Ian class="dropcap">If you had to pick one actor from the entire industry who could give you a 9/10 performance regardless of the demands of the role, the one who would top the list is Ayushmann Khurrana. As an actor, he is as bankable as they come. A Rahul Dravid of Bollywood, if you will. His latest role as Baankey Rastogi in Gulabo Sitabo has just added more weight to that argument.
Ayushmann Khurrana is no stranger to playing the common man, the boy next door, but as Baankey, he sheds the charm and confidence for desperation and struggle. Working in a wheat mill and struggling to feed his family, the role is characterised by his constant bickering with Mirza, played by Amitabh Bachchan. Their attempts at one-upmanship and sharp zingers in Hindi-Urdu-Awadhi are the heart of the film. As a simpleton who is trying to scheme his way into acquiring Mirza’s property, Ayushmann once again brings his trademark quirk and freshness to the role that we have been so used to over the years.
Besides, there aren’t too many actors who can hold their own in Amitabh Bachchan's presence. There’s the late Irrfan Khan, who met him fair and square in Shoojit Sircar's Piku, Manoj Bajpayee is another one. But as Khurrana’s last few outings, like last year's Shubh Mangal Zyada Saavdhan have evidenced, the young actor is unafraid of taking serious – and seriously challenging – roles head on.
Even though Khurrana has only played the lead in all his films, he fits the description of a “27-percenter”, a term coined by an Empire magazine article. It is applied to actors like Nathan Fillion or Chiwetel Ejiofor or Oliver Platt – you know the guys whose names you can’t remember but whose faces you’ll immediately recall? These guys transcend genres and deliver performances that make a film 27 per cent better by their mere presence. Khurrana will never be Brad Pitt, but he will most certainly become a John Cusack.
Even though Khurrana has only played the lead in all his films, he fits the description of a “27-percenter”.
In fact, Khurrana’s electric screen presence and effortless, believable acting guarantees that you’re with him throughout the 120-minute runtime of the otherwise frustrating and uneven Meri Pyaari Bindu. The movie, his third outing with Yashraj Films, shifts between the past and the present, called upon him to essay two distinct versions of the same character. In one, he’s the young, optimistic Abhimanyu who dreams of settling down with Bindu and his two children with a smile plastered on his face; in the other, he is the brooding jilted writer.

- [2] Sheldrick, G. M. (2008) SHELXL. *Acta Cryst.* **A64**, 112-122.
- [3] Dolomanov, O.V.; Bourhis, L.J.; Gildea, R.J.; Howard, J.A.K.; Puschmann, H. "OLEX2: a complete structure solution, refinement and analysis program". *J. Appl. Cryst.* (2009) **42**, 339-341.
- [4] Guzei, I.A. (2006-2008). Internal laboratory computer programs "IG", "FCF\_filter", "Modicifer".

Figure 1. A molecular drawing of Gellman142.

Through Dream Girl and Shubh Mangal Savdhaan, Ayushmann cemented his reputation for playing small-town characters who act as a critique of passive-aggressive masculinity. As Karam/Pooja in Dream Girl, he delivered a rip-roaring performance as a 20-something guy adept at mimicking the voices of women, and the subsequent comedy of errors on account of having such a talent. Mudit from Shubh Mangal Savdhaan is a character millennials would hard-relate to, as he brilliantly navigated having a “gents problem” in a middle-class family that wouldn’t understand it, and a bunch of friends who weren’t reliable with help.
You could certainly have been friends with Dum Laga Ke Haisha’s Prem Prakash Tiwari, a young, resentful Haridwar shopkeeper. Khurrana charted an unusual victory for a mostly selfish and unfeeling character by making him immensely likeable. When he complains to his friend about how his life is ruined, especially after “shaadi ka tilak laga diya papa ne”, you find yourself sympathising with him, even though you’re aware that you’re not supposed to. The undertone of innocence and vulnerability that Khurrana brought to Prem, despite his inconsiderate behaviour, held up a mirror to thousands of men in small-town India. Shah Rukh Khan tried it in Rab Ne Bana Di Jodi, with patchy success – always hindered by his own stardom.
It’s this crazy ability of making every character he plays seem like it was tailor-made for him that makes Ayushmann really stand out.
In a way, Khurrana is repeating the role that made him famous. Vicky Donor released in 2012, the year that Karan Johar launched Alia Bhatt, Varun Dhawan, and Siddharth Malhotra in Student of The Year and Arjun Kapoor made his debut with Ishaqzaade. As Vicky Arora, the Delhi boy who agrees to become a sperm donor in exchange for quick money, Khurrana reflected a middle-class Punjabi entrepreneurial aspiration that was simultaneously novel and believable.
It’s this crazy ability of making every character he plays seem like it was tailor-made for him that makes Ayushmann really stand out. But what will he do next? Will he remain Hindi cinema’s middle-class middle-brow boy, forever the 27-percenter? Your move, Bollywood.
Gulabo Sitabo is now streaming on Amazon Prime Video.